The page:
Some women also need to have a radical hysterectomy. This means the uterus and cervix are removed. Your gynaecological oncologist will let you know whether it is also necessary to remove your ovaries and fallopian tubes (salpingo oophorectomy). If you have this type of surgery, it will cause menopause. See managing side effects for ways to manage menopause. 

What to expect after surgery
  • Pain killers

    You will be given medication to reduce any pain. Tell your doctor or nurses if you are uncomfortable so they can adjust the dose.

  • Catheter

    A tube called a catheter will drain urine and will help keep your wound clean and dry. This will be removed within a few days.

  • Exercise and movement

    You will be encouraged to start moving around as soon as possible after your operation. While you are in hospital, you may wear leg compression garments and be given injections of medication to prevent blood clots forming (thrombosis). The nurse or a physiotherapist can help you do regular gentle leg exercises to prevent thrombosis, as well as deep breathing exercises to prevent a chest infection.

  • Sexuality

    Depending on the amount of tissue removed, the remaining or reconstructed vagina may be stretched so that you may still be able to have sexual intercourse. However, scar tissue in your vagina can cause pain and you may not be able to have an orgasm through penetration. Surgery to the vagina does not affect the clitoris, so it is still possible to have an orgasm through direct stimulation, oral sex and masturbation.

Recovery after surgery

The length of your hospital stay and the side effects that you experience will depend on the type of surgery you have. Most women are in hospital for a few days to a week.

When you return home, you will need to take it easy. You may not be able to lift anything heavy or drive for 6–8 weeks. 


Chemotherapy uses cytotoxic drugs to kill or slow the growth of cancer cells. This treatment is usually given if the cancer is advanced or if it returns after treatment. Chemotherapy is usually given with surgery or radiotherapy.

Drugs are sometimes given as tablets or, more commonly, by injection into a vein (intravenously). You will usually have a treatment session, followed by a break. Treatment can often be given to you during visits to a hospital or clinic as an outpatient, but sometimes you may spend a few days in hospital.

Side effects of chemotherapy

Most people have some side effects from chemotherapy. There are many different types of chemotherapy drugs and the side effects vary depending on the drugs used. However, these can usually be controlled with medication.

Common problems include feeling sick (nausea), tiredness, hair loss and a reduced resistance to infections. Chemotherapy may also increase any skin soreness caused by radiotherapy. 

Some people find that they are able to lead a fairly normal life during their treatment, while others become very tired and need to take things more slowly. Do as much as you feel you can, and try not to overdo it. For more information, call 13 11 20 for a free booklet about chemotherapy and its side effects.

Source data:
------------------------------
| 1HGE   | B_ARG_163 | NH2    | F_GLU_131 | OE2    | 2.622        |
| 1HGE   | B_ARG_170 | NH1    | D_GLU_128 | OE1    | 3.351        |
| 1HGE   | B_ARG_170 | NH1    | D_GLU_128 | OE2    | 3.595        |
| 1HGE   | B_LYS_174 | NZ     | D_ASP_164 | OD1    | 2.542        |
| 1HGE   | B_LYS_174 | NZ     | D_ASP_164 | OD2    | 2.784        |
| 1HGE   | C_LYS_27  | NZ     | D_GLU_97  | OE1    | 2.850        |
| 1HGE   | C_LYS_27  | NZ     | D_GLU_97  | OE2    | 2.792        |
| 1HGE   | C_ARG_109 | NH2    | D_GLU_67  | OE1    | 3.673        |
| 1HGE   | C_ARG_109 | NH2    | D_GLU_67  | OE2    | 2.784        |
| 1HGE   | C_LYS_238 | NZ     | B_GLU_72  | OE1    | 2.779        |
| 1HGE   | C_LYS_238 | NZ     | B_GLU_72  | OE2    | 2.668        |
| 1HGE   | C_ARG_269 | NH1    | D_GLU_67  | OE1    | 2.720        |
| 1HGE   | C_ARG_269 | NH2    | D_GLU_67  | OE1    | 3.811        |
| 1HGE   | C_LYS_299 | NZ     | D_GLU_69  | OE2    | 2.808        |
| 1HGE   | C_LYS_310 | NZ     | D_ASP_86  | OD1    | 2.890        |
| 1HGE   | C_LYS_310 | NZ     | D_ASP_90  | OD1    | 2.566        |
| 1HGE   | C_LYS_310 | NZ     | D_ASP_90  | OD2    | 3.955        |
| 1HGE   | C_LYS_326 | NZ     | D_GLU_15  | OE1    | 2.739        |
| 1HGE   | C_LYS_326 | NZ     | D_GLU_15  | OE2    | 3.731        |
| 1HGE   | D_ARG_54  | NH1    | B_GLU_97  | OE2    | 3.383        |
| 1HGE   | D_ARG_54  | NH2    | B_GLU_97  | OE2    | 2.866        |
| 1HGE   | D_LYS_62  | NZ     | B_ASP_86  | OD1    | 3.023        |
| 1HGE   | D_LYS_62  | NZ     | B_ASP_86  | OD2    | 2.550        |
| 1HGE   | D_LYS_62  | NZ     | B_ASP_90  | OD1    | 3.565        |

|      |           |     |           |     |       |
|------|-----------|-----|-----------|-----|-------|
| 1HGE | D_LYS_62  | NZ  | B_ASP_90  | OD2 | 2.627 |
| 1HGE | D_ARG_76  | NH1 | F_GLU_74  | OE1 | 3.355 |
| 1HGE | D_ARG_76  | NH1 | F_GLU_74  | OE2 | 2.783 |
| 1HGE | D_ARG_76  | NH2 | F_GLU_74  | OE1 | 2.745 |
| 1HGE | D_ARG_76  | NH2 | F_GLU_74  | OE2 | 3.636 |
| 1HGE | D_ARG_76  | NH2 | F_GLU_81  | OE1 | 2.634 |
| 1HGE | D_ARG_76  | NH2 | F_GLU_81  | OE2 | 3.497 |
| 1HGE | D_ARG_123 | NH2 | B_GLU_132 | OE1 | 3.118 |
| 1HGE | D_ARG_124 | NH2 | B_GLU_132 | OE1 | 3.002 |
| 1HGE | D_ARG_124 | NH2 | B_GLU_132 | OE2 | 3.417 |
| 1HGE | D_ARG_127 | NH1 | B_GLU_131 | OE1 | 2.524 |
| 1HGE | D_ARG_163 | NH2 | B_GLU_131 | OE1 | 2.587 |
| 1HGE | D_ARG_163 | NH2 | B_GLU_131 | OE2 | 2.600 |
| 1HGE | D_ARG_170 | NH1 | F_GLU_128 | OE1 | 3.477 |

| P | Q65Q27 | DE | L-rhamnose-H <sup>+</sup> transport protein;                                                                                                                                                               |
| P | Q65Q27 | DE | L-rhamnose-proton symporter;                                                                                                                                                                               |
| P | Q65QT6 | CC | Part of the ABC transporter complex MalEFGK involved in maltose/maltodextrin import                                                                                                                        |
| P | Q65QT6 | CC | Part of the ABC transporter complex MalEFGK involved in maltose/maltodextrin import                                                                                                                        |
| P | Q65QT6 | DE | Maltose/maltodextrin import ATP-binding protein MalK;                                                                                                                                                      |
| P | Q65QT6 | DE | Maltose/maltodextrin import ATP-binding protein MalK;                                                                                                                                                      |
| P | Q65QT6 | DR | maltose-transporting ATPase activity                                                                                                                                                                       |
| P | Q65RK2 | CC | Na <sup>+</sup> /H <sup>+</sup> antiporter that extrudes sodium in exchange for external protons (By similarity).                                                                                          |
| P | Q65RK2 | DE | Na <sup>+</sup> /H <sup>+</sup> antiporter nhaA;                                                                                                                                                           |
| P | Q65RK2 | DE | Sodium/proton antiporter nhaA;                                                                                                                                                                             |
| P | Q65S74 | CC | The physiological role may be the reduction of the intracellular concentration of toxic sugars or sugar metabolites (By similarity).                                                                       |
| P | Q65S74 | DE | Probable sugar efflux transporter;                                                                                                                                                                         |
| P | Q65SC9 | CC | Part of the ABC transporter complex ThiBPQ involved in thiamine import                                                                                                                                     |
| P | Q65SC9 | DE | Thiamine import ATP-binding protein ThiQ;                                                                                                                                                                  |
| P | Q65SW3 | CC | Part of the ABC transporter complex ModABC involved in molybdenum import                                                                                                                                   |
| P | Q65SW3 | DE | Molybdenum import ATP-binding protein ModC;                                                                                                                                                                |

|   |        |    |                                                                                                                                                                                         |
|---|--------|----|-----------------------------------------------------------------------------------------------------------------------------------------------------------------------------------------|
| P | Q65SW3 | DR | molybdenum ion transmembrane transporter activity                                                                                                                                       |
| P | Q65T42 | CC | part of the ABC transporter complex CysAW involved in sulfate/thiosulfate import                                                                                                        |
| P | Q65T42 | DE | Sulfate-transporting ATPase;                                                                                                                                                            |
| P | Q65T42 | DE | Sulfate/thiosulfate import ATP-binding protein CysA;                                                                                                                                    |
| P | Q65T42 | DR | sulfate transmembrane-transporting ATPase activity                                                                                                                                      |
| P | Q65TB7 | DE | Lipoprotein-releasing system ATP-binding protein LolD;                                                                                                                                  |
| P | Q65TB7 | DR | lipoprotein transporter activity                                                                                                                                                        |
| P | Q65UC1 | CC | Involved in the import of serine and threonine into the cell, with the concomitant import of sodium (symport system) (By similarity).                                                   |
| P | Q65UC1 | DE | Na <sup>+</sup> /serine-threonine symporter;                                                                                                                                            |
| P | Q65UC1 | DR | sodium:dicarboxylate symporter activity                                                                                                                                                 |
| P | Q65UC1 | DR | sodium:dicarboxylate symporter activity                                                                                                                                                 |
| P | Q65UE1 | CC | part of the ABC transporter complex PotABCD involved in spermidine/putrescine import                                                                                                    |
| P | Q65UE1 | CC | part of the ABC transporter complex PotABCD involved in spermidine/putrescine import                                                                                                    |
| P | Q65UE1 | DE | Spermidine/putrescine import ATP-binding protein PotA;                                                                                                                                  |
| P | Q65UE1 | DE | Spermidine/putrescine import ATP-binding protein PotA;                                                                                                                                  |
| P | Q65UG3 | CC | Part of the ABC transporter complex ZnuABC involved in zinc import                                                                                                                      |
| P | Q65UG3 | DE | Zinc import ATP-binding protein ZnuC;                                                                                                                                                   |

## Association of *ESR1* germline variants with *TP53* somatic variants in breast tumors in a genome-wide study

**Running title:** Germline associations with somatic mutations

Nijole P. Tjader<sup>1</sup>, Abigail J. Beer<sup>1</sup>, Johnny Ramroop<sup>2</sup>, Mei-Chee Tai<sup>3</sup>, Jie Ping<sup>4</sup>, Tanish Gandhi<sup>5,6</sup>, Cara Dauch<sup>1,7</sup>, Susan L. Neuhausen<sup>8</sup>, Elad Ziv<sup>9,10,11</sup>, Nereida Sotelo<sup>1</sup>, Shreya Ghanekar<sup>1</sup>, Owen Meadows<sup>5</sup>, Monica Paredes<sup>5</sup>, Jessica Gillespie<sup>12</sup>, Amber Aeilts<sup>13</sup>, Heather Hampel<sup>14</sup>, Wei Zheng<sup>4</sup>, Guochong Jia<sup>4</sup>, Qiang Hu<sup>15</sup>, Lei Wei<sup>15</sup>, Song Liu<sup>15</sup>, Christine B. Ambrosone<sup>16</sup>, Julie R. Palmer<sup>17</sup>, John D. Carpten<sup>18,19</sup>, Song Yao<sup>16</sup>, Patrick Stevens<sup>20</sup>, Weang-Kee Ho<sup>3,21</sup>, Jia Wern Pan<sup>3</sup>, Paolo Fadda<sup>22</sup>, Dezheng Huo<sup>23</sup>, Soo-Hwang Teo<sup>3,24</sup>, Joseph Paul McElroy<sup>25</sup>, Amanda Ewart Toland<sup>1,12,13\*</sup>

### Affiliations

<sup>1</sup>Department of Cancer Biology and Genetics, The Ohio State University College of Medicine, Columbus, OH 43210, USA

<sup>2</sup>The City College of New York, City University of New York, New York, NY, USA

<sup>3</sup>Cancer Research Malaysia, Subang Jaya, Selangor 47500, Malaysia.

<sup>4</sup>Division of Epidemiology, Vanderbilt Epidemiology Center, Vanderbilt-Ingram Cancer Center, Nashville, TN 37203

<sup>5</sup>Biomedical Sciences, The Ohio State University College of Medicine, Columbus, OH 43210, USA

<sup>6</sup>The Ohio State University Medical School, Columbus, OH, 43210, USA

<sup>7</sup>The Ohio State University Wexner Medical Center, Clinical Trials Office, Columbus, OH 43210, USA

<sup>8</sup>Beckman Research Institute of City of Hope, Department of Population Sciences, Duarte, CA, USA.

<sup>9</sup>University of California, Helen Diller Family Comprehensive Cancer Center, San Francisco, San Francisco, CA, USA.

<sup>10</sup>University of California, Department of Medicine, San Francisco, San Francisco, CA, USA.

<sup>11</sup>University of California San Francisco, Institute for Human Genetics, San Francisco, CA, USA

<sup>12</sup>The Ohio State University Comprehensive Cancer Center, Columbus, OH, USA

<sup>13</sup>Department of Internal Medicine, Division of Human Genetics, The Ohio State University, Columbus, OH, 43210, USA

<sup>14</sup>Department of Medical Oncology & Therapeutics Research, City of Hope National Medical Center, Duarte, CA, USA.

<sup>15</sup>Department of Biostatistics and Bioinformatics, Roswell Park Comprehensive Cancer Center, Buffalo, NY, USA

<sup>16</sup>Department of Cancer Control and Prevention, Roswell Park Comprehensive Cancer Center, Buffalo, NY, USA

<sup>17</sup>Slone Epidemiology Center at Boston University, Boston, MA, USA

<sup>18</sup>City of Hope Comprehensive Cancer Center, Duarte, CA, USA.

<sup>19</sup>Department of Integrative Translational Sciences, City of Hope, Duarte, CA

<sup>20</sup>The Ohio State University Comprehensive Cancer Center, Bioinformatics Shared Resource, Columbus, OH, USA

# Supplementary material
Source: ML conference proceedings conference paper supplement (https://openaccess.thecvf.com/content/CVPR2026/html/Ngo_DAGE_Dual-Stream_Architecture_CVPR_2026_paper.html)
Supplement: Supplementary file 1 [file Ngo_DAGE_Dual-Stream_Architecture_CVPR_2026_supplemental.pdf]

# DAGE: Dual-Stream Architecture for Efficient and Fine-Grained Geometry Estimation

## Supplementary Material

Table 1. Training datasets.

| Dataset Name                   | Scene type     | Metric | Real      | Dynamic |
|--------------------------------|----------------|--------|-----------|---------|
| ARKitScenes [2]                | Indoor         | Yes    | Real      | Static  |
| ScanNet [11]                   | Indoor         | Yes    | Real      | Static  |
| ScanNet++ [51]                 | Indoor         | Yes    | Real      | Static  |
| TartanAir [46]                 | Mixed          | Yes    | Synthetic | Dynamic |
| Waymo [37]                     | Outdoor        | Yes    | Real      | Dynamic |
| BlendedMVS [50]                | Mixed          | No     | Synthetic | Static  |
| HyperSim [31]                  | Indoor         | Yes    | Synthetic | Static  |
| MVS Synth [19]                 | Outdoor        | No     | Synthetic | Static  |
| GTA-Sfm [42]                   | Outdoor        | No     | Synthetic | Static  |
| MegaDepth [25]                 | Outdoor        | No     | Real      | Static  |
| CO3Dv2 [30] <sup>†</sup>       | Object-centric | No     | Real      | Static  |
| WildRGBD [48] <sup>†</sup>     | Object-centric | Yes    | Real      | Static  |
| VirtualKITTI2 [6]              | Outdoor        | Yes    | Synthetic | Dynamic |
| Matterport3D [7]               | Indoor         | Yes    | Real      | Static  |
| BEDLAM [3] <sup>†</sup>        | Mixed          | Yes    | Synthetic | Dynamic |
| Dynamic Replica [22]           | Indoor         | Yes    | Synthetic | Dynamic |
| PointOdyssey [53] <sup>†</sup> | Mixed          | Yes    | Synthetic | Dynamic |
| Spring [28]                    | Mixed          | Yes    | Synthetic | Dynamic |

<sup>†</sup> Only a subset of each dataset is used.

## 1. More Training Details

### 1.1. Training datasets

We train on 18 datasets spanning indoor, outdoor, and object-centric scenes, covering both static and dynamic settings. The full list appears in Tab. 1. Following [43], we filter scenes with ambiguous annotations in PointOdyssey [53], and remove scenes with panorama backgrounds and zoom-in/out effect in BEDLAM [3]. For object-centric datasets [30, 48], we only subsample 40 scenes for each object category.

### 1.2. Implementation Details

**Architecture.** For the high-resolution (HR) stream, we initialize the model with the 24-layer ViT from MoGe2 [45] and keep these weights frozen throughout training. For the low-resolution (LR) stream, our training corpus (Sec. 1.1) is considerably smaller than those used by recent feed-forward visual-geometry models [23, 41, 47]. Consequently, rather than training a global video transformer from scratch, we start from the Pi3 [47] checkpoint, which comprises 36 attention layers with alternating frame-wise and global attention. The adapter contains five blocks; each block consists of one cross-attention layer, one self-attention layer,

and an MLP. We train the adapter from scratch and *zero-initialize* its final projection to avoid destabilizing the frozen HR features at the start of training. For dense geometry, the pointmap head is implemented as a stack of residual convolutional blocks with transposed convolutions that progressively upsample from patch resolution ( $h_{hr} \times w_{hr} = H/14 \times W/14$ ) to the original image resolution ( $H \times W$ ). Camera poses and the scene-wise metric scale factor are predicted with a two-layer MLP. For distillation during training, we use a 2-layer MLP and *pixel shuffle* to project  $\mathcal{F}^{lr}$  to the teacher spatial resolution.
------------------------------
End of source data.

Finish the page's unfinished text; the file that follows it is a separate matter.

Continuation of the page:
Palliative treatment

Palliative treatment helps to improve quality of life by reducing symptoms of cancer when it is no longer possible to cure the disease. It is particularly important for people with advanced cancer, but it’s not just for end of life care and it can be used at different stages of cancer.

Often treatment is concerned with pain relief. You may be given radiotherapy, chemotherapy or other medication. However, palliative treatment can also involve the management of other physical and emotional issues.

You can call Cancer Council 13 11 20 for free booklets about palliative care and advanced cancer

Key points

  • The two most common types of primary vaginal cancer are squamous cell carcinoma and adenocarcinoma.
  • Symptoms include discharge, pain during sex, bleeding and a lump in the vagina.
  • Conditions such as vaginal intraepithelial neoplasia (VAIN) can increase your risk. Female children of women who took a drug called diethylstilboestrol (DES) during pregnancy are also at an increased risk.
  • Diagnostic tests may include a Pap smear, an examination of your vagina (colposcopy) and a tissue sample (biopsy).
  • The stage of the cancer describes its size and if it has spread. The grade tells how quickly the cells are growing.
  • Your doctor will talk to you about your prognosis. The earlier vaginal cancer is diagnosed, the better the chances of successful treatment.
  • You may see a range of health professionals, including a gynaecological oncologist.
  • Radiotherapy uses x-rays to destroy cancer cells. Most women have external and internal radiotherapy (brachytherapy). Side effects vary depending on the type of radiotherapy you have.
  • During surgery, the affected part of the vagina is cut out. Other organs may also be removed.
  • Chemotherapy uses drugs to kill cancer cells. It is usually given if the cancer is advanced or if it returns after treatment.
  • Palliative treatment may be given to manage cancer symptoms and improve quality of life. 

Reviewed by: Prof Jonathan Carter, Head Gynaecologic Oncology, Chris O’Brien Lifehouse, Professor of Gynaecological Oncology, University of Sydney, and Head Gynaecologic Oncology, Royal Prince Alfred Hospital, NSW; Ellen Barlow, Gynaecological Oncology Clinical Nurse Consultant, Gynaecological Cancer Centre, The Royal Hospital for Women, NSW; Jason Bonifacio, Practice Manager/ Chief Radiation Therapist, St Vincent’s Clinic, Radiation Oncology Associates and Genesis Cancer Care, NSW; Wendy Cram, Consumer; Kim Hobbs, Social Worker, Gynaecology Oncology, Westmead Hospital, and Chair COSA Social Work Group, NSW; Lyndal Moore, Consumer; Pauline Tanner, Cancer Nurse Coordinator, Gynaecological Cancer, WA Cancer and Palliative Care Network, WA.
Updated: 01 Oct, 2014